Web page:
What Triggers the Vagal Response?

Why someone may unexpectedly faint

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The vagal response (vasovagal reflex) is when stimulation of the vagus nerve causes symptoms such as lightheadedness, sweating, and blurred vision. This can happen because of stress, pain, heat, having a bowel movement, or even standing too long.

In some cases, vasovagal syncope—a typically brief episode of passing out—can also occur.

This article explains the vagal response and its causes. It discusses symptoms you may experience, how a vagal response episode is treated, and some ways you can prevent one from occurring.

What Is the Vagus Nerve?

The vagus nerve is the longest nerve in the body. It runs from the brain stem to the chest and abdomen.

Vagal Response Causes

The vagal response is a neurocardiogenic response. This means it involves your central nervous system (brain and spinal cord), peripheral nervous system (nerves), and cardiovascular system (heart and blood vessels).

The vagal response causes your blood pressure and heart rate to drop suddenly. When this happens, the blood vessels in your legs may dilate, or widen. This can cause blood to pool in your legs, which can cause your blood pressure to drop even further.

All of these changes can result in less blood flow to your brain.

The vagal response is a normal function of the human body, although some people are more likely to experience it than others. It is also more likely in people with certain underlying health conditions, including heart or nervous system disorders.

Vasal Response Triggers

There are a variety of triggers that can set off the vagal response. Some are internal, while others come from the environment.

Common triggers of the vagal response include:

Some people may experience vasovagal episodes as a side effect of medication. Be sure to discuss the possibility with your healthcare provider.

Symptoms of the Vagal Response

Once a vagal response has been triggered, you may have a variety of physical symptoms. These include:

The strength of the vagal response and the resulting symptoms vary from person to person.

vagal response symptoms

Verywell / Brianna Gilmartin

Vasovagal Syncope

Vasovagal syncope is a loss of consciousness triggered by a vagal response. With this, a person faints due to a drop in blood pressure and blood flow to the brain.

Vasovagal syncope can cause a person to pass out. The loss of consciousness typically only lasts for a couple of minutes.

As blood flow returns to the brain, the person will wake up and return to normal consciousness.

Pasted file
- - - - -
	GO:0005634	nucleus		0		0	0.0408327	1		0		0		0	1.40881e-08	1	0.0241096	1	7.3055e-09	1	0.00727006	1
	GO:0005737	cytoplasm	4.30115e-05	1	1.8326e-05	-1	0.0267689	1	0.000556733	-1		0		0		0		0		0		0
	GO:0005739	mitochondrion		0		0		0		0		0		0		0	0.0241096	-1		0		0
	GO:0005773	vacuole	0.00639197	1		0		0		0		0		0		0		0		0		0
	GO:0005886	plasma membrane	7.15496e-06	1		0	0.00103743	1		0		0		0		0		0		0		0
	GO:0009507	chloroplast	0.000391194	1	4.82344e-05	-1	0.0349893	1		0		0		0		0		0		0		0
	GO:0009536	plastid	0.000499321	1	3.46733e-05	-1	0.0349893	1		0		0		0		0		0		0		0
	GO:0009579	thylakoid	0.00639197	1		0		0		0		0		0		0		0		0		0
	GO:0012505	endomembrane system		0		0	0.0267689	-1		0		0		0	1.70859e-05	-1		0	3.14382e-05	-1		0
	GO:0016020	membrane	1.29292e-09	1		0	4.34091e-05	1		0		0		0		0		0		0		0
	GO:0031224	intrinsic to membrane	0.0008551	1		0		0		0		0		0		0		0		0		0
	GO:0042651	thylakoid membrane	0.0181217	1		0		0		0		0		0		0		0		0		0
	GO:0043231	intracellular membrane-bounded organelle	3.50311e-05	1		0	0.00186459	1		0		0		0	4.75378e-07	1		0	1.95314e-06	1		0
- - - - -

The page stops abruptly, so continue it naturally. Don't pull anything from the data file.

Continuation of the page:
A vagal response that causes syncope isn't usually serious. It can, however, be the sign of a serious condition like heart arrhythmias or even a sudden heart attack. It also can lead to serious injury from a fall.

What To Do During a Vasovagal Episode

A vasovagal episode is not usually a sign of a health emergency. Some things that may help resolve the episode include:

  • Lying down to improve blood flow to the brain
  • Positioning your head between your knees
  • Drinking some water
  • Not standing up too quickly, so as to avoid the risk for fainting

Vagal Response During Bowel Movements

Some people, especially those with irritable bowel syndrome (IBS), have vasovagal symptoms when they have a bowel movement. To prevent this from happening, try to keep yourself relaxed. Sit on the toilet with your head down and your legs crossed. This may help to keep your blood pressure steady.


The vagal response can't always be prevented, but some measures may help to ward off episodes. These include:

  • Getting good sleep
  • Staying well hydrated
  • Avoiding standing for extended periods of time
  • Dressing in light, breathable fabrics so that you don't get overheated


The vagal response is a series of unpleasant symptoms that occur when the vagus nerve is stimulated. Often, this response is triggered by certain things like stress, pain, and fear.

Symptoms of the vagal response include dizziness, nausea, ringing ears, and sweating. In some cases, it can make you pass out. This is called vasovagal syncope.

If you experience a vagal response, lie down for a few minutes or sit and place your head between your knees, and avoid standing quickly. Always tell your healthcare provider about these symptoms so that they can check for any other conditions.

6 Sources
Verywell Health uses only high-quality sources, including peer-reviewed studies, to support the facts within our articles. Read our editorial process to learn more about how we fact-check and keep our content accurate, reliable, and trustworthy.
  1. Cedars-Sinai. Vasovagal Syncope.

  2. Raj S, Sheldon R. Management of postural tachycardia syndrome, Inappropriate sinus tachycardia and vasovagal syncopeArrhythm Electrophysiol Rev. 2016;5(2):122-9. doi:10.15420/AER.2016.7.2

  3. UpToDate. Patient education: Syncope (fainting) (Beyond the Basics).

  4. Blanc JJ. Syncope: Definition, epidemiology, and classification. Cardiol Clin. 2015;33(3):341-5. doi:10.1016/j.ccl.2015.04.001

  5. National Institute of Neurological Disorders and Stroke. Syncope Information Page.

  6. Johns Hopkins Medicine. Syncope (Fainting).

Additional Reading

By Barbara Bolen, PhD
Barbara Bolen, PhD, is a licensed clinical psychologist and health coach. She has written multiple books focused on living with irritable bowel syndrome.